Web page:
“The orders from Budapest having always been in Italian; in the courts, Italian was spoken and the Hungarian governor, on taking office, came to the hall of the Municipal Council to take the oath in Italian and to swear respect to the privileges of Fiume. As soon as this violation of customary usage was known, the town covered itself with the Italian colors. ... The Italians of Fiume are more Italian than the Italians. ... To conclude, I do not think it doubtful that the city of Fiume is Italian by a large majority. Even at the time of the Pragmatic Sanction, the delegation from Fiume which signed the document had Italian names; twenty-eight names, indisputably Italian. Recently, an American arriving at Fiume had the idea of going to the cemetery to read the names on the tombs. This performance gave the municipality the idea of a referendum at the cemetery. The dead were to vote. The result was decisive, more than eighty per cent of the inscriptions are in Italian. ... I do not think that the Jugo-Slavs contest the Italian majority of Fiume. ...I repeat, the question of Fiume is already decided for anyone who visits the town; Fiume is Italian.”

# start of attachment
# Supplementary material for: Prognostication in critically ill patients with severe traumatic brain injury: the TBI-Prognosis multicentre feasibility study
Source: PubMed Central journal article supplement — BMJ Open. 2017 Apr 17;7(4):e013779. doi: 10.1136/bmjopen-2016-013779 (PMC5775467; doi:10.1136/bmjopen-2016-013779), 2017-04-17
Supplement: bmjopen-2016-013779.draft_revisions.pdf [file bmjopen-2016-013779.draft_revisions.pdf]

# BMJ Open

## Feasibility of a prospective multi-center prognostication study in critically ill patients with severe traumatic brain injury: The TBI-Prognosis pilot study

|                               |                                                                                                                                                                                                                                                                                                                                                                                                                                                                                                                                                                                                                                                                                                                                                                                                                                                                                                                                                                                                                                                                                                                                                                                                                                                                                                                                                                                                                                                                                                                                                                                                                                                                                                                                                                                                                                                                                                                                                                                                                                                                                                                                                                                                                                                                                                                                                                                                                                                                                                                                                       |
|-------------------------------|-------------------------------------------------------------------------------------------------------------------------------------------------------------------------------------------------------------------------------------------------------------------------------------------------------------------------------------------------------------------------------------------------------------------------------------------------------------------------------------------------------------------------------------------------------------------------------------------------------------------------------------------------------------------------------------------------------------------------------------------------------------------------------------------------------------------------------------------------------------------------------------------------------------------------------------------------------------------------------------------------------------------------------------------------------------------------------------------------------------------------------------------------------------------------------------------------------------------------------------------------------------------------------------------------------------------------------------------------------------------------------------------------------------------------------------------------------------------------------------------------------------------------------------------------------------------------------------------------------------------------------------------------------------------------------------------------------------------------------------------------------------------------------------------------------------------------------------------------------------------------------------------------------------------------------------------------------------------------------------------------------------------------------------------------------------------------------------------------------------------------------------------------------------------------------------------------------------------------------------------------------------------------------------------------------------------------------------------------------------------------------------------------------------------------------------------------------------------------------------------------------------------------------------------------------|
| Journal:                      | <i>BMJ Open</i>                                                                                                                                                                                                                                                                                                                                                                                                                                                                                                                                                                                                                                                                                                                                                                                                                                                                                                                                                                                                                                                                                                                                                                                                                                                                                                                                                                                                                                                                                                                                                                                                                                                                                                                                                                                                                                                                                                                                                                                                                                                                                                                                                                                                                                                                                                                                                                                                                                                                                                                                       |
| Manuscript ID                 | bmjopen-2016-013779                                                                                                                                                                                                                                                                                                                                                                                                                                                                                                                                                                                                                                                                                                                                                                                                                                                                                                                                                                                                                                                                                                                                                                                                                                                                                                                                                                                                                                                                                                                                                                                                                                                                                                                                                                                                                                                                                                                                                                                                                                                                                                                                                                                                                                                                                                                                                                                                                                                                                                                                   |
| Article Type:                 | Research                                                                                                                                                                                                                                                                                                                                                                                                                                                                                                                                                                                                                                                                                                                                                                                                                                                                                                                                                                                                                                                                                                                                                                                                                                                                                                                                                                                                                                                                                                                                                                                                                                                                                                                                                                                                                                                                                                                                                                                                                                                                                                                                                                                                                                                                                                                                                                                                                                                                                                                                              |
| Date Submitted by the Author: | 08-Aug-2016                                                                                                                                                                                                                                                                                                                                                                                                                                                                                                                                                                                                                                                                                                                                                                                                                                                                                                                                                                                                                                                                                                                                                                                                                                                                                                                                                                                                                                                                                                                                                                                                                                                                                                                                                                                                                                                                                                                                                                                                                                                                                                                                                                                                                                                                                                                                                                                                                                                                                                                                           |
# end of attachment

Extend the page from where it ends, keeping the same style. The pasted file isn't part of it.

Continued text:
—Joseph Galtier, A Visit to Fiume, The Living Age, Volume 301, May 24, 1919
“On the left or west bank of the river is Fiume, with approximately 40,000 inhabitants, of whom very nearly three-fourths are Italian. ... Her [Italy's] sentimental claims are based on the ground that the city's population, character, and history are overwhelmingly Italian. I have already stated that the Italians constitute about three-fourths of the total population of Fiume, the latest figures, as quoted in the United States Senate, giving 29,569 inhabitants to the Italians and 14,798 to the Slavs. There is no denying that the city has a distinctively Italian atmosphere, for its architecture is Italian, that Venetian trade-mark, the Lion of St. Mark, being in evidence on several of the older buildings; the mode of outdoor life is such as one meets in Italy; most of its stores and banks are owned by Italians, and Italian is the prevailing tongue. ... The Italians of Fiume, as I have already shown, outnumber the Slavs almost three to one, and it is they who are demanding so violently that the city should be annexed to Italy on the ground of self-determination.”
—A. Alexander Powell, The New Frontiers of Freedom, Scribner's Magazine, Volume 67, 1920